Bah god King!
[Update: More accessory reviews have been added.]
Now that the shiny new Nintendo Switch is out, it’s time to put a bunch of accessories to the test.
If you’re curious how some third-party (sanctioned or non-sanctioned) peripherals measure up, check out the list below, which will be updated as my gear comes in.
PowerA Everywhere Messenger Bag ($39.99), Hybrid Cover Switch case ($24.99)
First up is part of the PowerA line, which is pretty understated at the moment and decidedly cosmetic — a travel kit, and a case. The Wii U case served me well when I brought over the clunky console ensemble to a friend’s house constantly for speedrunning competitions, given its massive tablet that’s separate from the system itself. But for the Switch, you likely aren’t going to be packing it up at all unless you’re actually doing the driving, as the tablet is perfect for road trips and plane rides.
Still, I can see myself taking it to LAN parties just to protect the unit and the fragile dock, and load up some extra controllers in there. It’s well-crafted to the point where you don’t feel like your Switch is going to break if you drop it, and padded on the side. Plus the design looks official, and holds a Pro Controller on the right. With friends already planning LAN get-togethers for Mario Kart 8 Deluxe and Splatoon, I’ll be using a travel pack — just maybe not as much as I did for the Wii U.
The Hybrid Cover Switch case’s minimal design as a stand actually turned me onto it, especially since the soft surface can grip just about anywhere. I found myself taking it upstairs for a bedroom test, and I’m pleased to say that it managed to stay put while holding the Switch tablet in the insert window. There’s several angles you can place the window in just in case, and my wife and I had a great time playing Snipperclips with it, far from the reaches of the dock.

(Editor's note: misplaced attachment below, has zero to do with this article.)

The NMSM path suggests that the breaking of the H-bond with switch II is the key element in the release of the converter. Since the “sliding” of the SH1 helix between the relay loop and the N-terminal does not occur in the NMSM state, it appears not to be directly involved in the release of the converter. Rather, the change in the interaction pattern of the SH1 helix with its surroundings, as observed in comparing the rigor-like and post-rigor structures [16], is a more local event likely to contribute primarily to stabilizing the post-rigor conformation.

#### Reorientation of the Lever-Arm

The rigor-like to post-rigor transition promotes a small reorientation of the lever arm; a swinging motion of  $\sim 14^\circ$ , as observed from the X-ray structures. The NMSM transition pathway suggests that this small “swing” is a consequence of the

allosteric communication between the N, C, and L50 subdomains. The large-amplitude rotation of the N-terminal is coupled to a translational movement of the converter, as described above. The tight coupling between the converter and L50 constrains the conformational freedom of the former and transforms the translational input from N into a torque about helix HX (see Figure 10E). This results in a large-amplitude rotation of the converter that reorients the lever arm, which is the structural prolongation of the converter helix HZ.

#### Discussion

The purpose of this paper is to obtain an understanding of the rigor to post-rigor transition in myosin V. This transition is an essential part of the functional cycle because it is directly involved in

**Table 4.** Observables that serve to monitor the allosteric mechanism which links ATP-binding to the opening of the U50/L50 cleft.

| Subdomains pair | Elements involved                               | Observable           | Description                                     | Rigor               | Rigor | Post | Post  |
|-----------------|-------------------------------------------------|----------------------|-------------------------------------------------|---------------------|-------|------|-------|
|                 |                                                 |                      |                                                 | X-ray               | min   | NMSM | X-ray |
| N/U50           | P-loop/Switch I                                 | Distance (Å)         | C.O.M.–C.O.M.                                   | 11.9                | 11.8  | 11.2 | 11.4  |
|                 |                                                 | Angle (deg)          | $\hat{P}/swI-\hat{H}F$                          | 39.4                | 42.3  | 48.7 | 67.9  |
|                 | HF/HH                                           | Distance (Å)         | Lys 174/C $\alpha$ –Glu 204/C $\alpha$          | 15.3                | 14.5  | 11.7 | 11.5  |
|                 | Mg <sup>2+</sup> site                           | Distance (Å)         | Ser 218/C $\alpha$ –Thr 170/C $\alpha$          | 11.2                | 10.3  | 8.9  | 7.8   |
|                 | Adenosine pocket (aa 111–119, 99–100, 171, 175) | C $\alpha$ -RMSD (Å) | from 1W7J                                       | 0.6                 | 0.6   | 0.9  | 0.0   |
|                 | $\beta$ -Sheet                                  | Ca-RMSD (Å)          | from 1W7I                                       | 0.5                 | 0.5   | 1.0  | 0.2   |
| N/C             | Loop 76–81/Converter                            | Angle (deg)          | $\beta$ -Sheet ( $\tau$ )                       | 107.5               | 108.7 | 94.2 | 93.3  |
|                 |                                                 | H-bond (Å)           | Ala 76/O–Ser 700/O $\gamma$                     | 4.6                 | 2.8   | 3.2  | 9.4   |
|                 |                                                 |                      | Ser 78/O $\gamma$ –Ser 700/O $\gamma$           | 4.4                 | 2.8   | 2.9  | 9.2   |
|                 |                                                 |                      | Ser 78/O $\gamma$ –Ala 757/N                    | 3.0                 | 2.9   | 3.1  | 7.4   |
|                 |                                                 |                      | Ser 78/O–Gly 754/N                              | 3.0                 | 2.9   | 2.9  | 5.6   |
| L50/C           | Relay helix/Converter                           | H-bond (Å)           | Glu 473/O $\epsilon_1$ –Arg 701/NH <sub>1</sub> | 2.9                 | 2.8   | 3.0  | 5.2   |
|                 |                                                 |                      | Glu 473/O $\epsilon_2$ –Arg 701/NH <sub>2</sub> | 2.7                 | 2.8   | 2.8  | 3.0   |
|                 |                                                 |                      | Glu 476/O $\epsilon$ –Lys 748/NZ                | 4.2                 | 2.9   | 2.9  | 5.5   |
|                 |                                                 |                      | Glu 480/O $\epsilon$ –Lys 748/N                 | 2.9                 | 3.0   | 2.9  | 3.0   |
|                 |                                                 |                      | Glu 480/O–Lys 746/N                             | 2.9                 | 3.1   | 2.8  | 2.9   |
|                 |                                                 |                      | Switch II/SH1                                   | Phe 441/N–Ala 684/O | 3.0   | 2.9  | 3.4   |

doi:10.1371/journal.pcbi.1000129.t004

As you can probably surmise from the term “hybrid,” it has another function — you can stick it directly on the Switch screen as a case, which has a hole in the bottom of it (holes for every button actually) so it can charge on the go with an AC adapter and a USB-C cable. The big hangup is that with the briefcase-like cover entirely ensconced on the Switch, you can’t place it in the feeble charging dock, so this is mostly a travel-centric case. The branded cleaning cloth is nice though, and again, I’ll be using it more as a stand for specific areas of my house than a full-time (lover) cover. Just so you’re aware, the included screen protector isn’t as high in quality as a standalone (see below).
SanDisk Ultra 200GB microSDXC ($72.99, varies)
This one is pretty straight-forward. SanDisk sent me a microSDXC card for testing for the Switch, and it worked perfectly. I didn’t even have to format it, I just popped it into the Switch and it worked great.
I feel like 200GB is the sweet spot. Nintendo states that the Switch will support up to 2TB, but those are not available in the consumer space yet. Once you start to get above the 200GB mark cards start to get more and more expensive, pushing well over $100 — so this $80 option is a safe bet for now until higher capacity models are released, and subsequently cut in price. You can not only store games but screenshots as well, which can be transferred to a PC in seconds in bulk.
As a note, just ensure that your system is completely off before swapping SD cards.
Hori Switch screen filter ($9.99), game card case ($9.99), PlayStand ($12.99)
Here’s another easy one — Hori sent over a game card case, screen protector, and PlayStand for testing, and they all basically do their job. The game card case reminds me of the one I got for Vita carts, as the flap to open the case is a little flimsy, but the cards feel snug enough to stay put and not so snug that they’re impossible to get out. I dig the dark translucent design (so I can see what’s inside), and 24 carts is more than sufficient to last through the year.
The PlayStand, I found, isn’t as flexible as the PowerA design (because it’s plastic), but it does have one major advantage — it’s built so you can easily charge the Switch while you play it on the mounted tablet screen. Right below the stand is a spot for the USB-C cable to slot in and supply power, which is perfect for a plane ride. The three angles to slide the screen into are good enough, whether you’re sliding back into your seat to get comfortable or leaning forward to avoid the kicks from the kid behind you that their parents are blissfully ignoring.